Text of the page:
Your child wakes up crying in the night complaining that his legs are throbbing. You rub them and soothe him as much as you can, but you're uncertain about whether to give him any medication or take him to the doctor. Sound familiar? Your child is probably experiencing growing pains, a normal occurrence in about 25% to 40% of children. They generally strike during two periods: in early childhood among 3- to 5-year-olds and, later, in 8- to 12-year-olds. Growing pains are quite rare in toddlers and teenagers.
Growing pains aren't a disease. You probably won't have to go to the doctor for them. But they can hurt. Doctors don't believe that growing actually causes pain, but growing pains stop when kids stop growing. By the teen years, most kids don't get growing pains anymore. Kids get growing pains in their legs. Most of the time they hurt in the front of the thighs (the upper part of your legs), in the calves (the back part of your legs below your knees), or behind the knees. Usually, both legs hurt. Growing pains often start to ache right before bedtime. Sometimes you go to bed without any pain, but you might wake up in the middle of the night with your legs hurting. The best news about growing pains is that they go away by morning.
Growing pains don't hurt around the bones or joints (the flexible parts that connect bones and let them move) — only in the muscles. For this reason, some doctors believe that kids might get growing pains because they've tired out their muscles. When you run, climb, or jump a lot during the day, you might have aches and pains in your legs at night.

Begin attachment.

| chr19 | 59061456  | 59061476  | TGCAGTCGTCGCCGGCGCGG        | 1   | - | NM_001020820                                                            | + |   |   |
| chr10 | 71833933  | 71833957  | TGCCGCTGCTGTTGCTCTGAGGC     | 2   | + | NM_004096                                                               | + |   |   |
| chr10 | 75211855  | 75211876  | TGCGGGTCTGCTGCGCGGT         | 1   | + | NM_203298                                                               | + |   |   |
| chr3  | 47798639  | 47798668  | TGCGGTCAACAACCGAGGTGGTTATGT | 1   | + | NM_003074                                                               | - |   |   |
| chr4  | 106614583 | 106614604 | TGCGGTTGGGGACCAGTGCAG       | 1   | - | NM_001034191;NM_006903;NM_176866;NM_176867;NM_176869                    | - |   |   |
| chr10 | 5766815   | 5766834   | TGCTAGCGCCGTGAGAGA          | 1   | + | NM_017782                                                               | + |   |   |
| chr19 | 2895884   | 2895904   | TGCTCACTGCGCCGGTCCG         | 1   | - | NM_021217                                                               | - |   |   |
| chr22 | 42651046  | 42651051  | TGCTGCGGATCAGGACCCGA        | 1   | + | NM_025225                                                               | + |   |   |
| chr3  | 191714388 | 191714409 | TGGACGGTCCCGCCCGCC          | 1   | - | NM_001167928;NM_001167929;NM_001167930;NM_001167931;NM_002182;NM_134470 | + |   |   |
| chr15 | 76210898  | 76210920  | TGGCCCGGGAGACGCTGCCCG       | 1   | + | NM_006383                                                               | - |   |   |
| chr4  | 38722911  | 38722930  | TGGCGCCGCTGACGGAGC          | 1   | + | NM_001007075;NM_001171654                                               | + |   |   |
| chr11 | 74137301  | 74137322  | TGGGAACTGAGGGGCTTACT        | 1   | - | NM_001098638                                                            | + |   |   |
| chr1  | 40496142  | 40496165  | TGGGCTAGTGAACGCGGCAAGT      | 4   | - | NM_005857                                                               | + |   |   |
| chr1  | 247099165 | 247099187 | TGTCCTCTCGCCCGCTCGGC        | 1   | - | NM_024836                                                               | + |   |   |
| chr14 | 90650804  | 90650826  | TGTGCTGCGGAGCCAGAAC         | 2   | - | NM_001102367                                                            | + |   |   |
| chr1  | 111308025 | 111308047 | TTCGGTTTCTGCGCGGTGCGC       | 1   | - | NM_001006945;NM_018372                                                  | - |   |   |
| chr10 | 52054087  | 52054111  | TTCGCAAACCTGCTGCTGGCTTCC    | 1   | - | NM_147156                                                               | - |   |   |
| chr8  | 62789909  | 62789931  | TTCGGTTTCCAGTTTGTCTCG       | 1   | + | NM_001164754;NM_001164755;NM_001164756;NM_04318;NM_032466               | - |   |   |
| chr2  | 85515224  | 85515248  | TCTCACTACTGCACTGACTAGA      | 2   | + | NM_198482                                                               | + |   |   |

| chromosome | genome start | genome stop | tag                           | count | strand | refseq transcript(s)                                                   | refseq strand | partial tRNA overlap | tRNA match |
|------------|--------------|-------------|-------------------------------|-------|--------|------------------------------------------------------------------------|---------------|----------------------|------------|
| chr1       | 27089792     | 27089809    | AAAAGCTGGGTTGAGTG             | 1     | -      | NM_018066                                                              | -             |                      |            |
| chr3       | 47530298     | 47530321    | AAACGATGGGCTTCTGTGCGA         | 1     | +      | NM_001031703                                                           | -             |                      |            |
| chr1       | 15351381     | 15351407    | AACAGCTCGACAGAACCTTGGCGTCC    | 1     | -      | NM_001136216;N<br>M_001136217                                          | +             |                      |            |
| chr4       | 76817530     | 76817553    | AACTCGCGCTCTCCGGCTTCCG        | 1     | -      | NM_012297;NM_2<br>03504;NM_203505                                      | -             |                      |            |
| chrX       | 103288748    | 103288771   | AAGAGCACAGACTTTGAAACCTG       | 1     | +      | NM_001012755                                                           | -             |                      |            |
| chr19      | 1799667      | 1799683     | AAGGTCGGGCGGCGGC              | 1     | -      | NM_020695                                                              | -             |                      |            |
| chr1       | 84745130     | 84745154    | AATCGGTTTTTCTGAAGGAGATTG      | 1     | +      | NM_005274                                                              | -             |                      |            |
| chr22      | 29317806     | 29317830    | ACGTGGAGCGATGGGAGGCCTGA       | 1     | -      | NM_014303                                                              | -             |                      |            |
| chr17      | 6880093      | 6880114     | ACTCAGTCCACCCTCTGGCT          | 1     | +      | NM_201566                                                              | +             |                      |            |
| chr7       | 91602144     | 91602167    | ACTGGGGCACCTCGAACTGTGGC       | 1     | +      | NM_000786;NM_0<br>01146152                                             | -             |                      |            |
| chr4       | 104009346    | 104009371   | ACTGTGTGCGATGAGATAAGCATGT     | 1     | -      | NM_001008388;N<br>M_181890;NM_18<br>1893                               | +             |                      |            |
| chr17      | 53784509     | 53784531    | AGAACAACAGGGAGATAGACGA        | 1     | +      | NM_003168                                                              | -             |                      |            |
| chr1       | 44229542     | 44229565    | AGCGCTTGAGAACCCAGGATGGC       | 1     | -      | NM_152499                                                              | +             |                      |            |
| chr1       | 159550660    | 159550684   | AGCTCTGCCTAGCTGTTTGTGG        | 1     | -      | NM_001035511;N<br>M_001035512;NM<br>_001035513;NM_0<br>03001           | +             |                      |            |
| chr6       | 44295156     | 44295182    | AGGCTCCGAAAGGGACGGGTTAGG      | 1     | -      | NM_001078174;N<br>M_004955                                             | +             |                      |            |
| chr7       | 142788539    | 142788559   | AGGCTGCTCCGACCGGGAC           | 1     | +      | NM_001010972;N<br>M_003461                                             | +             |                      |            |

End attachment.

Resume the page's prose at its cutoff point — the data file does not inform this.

Growing pains always concentrate in the muscles, rather than the joints. Most kids report pains in the front of their thighs, in the calves, or behind the knees. Whereas joints affected by more serious diseases are swollen, red, tender, or warm, the joints of kids experiencing growing pains appear normal.
Although growing pains often strike in late afternoon or early evening before bed, pain can sometimes wake a sleeping child. The intensity of the pain varies from child to child, and most kids don't experience the pains every day.
One symptom that doctors find most helpful in making a diagnosis of growing pains is how the child responds to touch while in pain. Kids who have pain from a serious medical disease don't like to be handled because movement tends to increase the pain. But those with growing pains respond differently — they feel better when they're held, massaged, and cuddled.
Growing pains are what doctors call a diagnosis of exclusion. This means that other conditions should be ruled out before a diagnosis of growing pains is made. A thorough history and physical examination by your doctor can usually accomplish this. In rare instances, blood and X-ray studies may be required before a final diagnosis of growing pains is made.
Some things that may help alleviate the pain include:
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